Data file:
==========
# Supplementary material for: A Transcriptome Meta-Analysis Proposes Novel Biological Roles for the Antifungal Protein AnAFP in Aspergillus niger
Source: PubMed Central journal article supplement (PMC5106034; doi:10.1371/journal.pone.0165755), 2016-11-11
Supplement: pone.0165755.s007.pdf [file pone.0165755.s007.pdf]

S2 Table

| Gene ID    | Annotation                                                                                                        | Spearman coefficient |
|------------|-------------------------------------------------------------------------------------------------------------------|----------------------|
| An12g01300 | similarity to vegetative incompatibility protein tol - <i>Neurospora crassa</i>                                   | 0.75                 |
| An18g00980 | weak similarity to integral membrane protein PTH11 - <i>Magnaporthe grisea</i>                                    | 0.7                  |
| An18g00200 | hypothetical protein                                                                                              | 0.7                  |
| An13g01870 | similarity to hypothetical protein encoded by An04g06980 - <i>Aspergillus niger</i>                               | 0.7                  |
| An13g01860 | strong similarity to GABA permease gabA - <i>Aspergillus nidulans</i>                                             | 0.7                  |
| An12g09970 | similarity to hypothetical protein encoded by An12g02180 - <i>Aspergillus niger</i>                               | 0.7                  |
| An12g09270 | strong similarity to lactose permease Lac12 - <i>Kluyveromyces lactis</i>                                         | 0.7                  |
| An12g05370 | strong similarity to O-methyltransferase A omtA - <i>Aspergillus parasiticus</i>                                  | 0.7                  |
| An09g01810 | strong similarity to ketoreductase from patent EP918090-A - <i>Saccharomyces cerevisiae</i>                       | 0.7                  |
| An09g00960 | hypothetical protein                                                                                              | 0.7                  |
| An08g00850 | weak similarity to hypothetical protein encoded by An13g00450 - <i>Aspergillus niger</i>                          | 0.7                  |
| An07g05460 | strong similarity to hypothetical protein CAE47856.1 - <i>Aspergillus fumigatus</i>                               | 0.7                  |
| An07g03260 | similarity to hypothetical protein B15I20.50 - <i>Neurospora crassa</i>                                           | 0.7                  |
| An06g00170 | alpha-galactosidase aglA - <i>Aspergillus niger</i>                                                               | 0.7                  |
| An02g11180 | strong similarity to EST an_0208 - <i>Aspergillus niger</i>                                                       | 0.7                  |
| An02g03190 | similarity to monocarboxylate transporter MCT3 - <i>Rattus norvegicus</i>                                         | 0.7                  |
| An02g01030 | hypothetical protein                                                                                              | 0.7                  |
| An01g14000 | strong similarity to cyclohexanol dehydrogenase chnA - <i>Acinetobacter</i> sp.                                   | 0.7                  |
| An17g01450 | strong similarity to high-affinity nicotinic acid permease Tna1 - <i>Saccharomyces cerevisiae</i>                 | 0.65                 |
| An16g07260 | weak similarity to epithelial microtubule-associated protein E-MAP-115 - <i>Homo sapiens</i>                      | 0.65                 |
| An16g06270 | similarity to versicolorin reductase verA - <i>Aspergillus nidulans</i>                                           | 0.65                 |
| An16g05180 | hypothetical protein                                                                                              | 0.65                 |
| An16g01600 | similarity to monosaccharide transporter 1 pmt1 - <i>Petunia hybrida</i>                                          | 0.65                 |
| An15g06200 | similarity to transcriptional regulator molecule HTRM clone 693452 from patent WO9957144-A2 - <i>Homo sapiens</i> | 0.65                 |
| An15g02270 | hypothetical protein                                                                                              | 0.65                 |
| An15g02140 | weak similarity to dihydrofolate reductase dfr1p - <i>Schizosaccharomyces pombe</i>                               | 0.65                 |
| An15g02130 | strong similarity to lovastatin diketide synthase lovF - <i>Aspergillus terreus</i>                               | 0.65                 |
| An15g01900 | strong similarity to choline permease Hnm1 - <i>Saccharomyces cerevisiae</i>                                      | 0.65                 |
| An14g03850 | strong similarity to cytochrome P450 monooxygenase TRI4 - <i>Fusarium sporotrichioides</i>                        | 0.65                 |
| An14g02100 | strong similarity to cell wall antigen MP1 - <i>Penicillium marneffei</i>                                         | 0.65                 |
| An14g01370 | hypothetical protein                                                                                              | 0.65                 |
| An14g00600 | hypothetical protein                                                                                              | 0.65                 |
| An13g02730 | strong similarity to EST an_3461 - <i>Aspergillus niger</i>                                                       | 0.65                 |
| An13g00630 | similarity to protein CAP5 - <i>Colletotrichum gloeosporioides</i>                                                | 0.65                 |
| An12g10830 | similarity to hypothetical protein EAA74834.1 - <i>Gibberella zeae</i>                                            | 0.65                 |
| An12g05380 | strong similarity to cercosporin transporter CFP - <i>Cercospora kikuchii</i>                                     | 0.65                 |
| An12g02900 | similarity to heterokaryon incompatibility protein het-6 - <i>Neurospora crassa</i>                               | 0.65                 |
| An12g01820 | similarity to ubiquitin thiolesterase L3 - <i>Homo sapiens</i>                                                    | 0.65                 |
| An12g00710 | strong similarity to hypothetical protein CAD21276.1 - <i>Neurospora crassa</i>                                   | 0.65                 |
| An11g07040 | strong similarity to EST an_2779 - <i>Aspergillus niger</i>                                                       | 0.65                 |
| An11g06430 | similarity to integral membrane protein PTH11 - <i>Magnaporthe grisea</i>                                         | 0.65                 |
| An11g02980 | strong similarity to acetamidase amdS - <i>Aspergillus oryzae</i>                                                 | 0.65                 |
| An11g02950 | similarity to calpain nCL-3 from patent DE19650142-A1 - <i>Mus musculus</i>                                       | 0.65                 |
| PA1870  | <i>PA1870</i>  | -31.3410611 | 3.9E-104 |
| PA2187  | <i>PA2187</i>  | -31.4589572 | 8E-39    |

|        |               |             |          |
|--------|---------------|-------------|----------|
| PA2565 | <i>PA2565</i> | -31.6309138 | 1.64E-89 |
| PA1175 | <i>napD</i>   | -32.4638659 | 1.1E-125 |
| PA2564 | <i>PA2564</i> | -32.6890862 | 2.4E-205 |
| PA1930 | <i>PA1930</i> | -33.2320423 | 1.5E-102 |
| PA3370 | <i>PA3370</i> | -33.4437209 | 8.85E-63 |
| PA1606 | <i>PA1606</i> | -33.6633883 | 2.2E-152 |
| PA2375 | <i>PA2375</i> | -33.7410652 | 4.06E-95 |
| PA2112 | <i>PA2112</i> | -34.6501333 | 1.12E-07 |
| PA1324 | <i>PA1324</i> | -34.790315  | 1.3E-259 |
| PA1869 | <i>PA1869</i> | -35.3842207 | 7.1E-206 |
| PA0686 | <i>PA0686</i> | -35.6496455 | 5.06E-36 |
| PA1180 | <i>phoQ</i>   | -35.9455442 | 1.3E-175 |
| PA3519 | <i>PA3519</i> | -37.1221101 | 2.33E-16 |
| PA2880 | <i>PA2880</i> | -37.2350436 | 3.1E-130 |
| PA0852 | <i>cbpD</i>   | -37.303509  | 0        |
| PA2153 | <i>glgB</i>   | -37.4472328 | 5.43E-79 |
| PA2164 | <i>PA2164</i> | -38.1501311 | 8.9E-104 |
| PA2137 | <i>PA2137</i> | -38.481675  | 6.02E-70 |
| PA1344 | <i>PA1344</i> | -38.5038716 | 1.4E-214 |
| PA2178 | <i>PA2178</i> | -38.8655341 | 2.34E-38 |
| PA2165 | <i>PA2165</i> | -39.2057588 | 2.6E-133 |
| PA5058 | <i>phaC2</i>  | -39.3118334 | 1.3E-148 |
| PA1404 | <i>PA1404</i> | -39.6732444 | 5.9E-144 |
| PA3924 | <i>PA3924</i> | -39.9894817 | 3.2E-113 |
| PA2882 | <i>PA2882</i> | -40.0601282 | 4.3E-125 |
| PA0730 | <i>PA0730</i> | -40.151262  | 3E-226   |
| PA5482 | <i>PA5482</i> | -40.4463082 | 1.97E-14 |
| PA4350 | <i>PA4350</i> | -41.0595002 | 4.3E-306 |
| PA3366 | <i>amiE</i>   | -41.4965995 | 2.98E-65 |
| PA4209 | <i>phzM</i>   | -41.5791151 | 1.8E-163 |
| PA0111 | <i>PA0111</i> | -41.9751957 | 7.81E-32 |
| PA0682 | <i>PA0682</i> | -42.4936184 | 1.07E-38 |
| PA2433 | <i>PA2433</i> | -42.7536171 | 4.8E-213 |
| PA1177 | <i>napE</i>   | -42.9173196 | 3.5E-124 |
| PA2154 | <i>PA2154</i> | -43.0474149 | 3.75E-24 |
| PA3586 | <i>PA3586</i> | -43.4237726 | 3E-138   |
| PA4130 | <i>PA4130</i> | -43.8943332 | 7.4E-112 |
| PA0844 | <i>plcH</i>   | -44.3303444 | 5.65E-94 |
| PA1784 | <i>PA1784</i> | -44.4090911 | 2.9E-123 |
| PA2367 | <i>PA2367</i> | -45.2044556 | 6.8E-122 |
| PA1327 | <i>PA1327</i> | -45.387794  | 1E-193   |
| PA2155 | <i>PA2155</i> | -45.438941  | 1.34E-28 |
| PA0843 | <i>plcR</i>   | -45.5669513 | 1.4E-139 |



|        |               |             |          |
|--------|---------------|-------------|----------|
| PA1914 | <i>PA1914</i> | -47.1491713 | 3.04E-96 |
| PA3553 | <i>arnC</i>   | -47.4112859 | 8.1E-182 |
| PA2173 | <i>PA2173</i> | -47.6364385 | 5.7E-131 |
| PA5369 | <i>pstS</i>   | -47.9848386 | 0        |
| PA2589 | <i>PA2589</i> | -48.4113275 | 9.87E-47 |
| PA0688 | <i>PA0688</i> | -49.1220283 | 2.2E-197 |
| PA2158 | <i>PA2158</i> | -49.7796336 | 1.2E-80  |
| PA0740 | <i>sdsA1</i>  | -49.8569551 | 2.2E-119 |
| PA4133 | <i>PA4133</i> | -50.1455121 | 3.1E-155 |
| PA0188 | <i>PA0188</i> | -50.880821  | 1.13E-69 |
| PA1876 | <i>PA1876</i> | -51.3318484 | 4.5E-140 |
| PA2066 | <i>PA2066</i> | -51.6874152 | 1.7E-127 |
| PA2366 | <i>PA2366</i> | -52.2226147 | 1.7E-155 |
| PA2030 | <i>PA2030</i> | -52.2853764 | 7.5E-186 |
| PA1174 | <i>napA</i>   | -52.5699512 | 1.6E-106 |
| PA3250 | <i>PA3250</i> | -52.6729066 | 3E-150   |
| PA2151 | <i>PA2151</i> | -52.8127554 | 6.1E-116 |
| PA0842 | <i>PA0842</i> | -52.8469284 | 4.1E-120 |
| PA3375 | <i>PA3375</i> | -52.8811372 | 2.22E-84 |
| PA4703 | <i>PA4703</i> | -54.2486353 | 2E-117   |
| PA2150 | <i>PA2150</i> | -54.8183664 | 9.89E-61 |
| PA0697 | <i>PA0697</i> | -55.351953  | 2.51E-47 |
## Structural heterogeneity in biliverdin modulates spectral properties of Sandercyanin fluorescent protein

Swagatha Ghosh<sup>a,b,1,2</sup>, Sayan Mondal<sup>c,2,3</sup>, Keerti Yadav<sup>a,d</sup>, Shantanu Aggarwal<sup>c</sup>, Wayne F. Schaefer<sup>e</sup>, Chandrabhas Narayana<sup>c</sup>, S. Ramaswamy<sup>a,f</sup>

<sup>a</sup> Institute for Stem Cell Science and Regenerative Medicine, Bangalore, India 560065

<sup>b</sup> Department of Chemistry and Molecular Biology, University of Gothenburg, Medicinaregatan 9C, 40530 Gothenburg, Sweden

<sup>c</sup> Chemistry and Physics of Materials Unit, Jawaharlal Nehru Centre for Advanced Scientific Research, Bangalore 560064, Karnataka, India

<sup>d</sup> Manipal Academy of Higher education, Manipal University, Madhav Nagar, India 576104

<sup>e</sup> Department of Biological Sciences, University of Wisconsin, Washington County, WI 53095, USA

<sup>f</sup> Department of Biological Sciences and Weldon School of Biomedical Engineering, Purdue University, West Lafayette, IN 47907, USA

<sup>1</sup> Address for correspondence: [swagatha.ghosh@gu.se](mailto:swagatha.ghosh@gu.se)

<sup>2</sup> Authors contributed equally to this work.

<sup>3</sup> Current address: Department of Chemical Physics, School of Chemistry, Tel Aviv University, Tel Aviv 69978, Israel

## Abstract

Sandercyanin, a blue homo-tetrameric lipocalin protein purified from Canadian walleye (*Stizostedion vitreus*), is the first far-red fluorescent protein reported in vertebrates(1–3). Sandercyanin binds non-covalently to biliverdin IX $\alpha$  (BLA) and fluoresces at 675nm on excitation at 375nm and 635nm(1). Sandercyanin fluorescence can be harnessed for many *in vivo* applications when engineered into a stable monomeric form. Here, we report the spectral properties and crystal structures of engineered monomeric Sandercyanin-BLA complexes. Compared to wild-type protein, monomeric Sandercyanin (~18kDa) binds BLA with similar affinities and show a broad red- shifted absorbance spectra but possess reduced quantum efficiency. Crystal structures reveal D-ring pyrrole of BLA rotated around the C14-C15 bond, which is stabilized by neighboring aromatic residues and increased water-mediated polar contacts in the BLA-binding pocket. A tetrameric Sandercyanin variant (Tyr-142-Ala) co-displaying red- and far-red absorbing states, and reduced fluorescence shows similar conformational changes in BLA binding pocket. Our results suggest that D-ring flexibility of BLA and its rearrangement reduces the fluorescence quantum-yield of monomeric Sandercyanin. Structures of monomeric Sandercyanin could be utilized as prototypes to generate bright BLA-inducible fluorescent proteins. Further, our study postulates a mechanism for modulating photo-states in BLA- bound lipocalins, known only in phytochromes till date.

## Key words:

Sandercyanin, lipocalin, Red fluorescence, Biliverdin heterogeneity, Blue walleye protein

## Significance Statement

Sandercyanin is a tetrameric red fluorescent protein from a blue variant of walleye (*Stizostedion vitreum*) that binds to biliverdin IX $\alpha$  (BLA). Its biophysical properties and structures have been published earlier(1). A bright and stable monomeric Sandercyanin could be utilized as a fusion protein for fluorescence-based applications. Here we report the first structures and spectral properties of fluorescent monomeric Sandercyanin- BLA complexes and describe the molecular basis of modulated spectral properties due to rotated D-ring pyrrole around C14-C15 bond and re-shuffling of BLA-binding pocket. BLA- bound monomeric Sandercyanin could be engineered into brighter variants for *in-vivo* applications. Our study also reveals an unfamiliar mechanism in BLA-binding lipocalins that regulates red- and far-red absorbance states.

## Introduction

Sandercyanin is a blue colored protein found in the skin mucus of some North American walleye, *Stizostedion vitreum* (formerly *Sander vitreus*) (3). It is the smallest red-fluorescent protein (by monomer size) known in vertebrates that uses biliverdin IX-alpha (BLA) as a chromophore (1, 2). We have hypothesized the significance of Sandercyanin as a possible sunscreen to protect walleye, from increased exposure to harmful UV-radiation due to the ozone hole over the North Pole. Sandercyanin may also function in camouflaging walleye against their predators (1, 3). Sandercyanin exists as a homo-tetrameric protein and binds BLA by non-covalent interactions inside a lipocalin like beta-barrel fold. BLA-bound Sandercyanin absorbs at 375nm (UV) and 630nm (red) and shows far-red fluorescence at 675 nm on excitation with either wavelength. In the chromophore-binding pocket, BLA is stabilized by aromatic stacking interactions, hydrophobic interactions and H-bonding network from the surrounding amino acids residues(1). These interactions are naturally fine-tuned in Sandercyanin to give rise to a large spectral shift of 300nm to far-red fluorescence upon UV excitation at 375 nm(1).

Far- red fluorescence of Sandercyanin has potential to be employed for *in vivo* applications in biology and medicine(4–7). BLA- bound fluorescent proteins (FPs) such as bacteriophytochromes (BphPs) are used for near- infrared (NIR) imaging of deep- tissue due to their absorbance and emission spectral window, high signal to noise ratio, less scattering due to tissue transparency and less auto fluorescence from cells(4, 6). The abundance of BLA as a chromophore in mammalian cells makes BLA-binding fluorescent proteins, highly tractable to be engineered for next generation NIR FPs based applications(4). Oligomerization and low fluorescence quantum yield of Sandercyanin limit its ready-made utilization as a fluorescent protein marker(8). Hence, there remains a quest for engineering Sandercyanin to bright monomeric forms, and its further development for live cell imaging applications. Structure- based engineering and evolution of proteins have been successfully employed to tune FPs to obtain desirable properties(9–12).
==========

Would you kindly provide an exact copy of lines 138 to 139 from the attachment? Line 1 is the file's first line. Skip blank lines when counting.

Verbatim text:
## Introduction

Sandercyanin is a blue colored protein found in the skin mucus of some North American walleye, *Stizostedion vitreum* (formerly *Sander vitreus*) (3). It is the smallest red-fluorescent protein (by monomer size) known in vertebrates that uses biliverdin IX-alpha (BLA) as a chromophore (1, 2). We have hypothesized the significance of Sandercyanin as a possible sunscreen to protect walleye, from increased exposure to harmful UV-radiation due to the ozone hole over the North Pole. Sandercyanin may also function in camouflaging walleye against their predators (1, 3). Sandercyanin exists as a homo-tetrameric protein and binds BLA by non-covalent interactions inside a lipocalin like beta-barrel fold. BLA-bound Sandercyanin absorbs at 375nm (UV) and 630nm (red) and shows far-red fluorescence at 675 nm on excitation with either wavelength. In the chromophore-binding pocket, BLA is stabilized by aromatic stacking interactions, hydrophobic interactions and H-bonding network from the surrounding amino acids residues(1). These interactions are naturally fine-tuned in Sandercyanin to give rise to a large spectral shift of 300nm to far-red fluorescence upon UV excitation at 375 nm(1).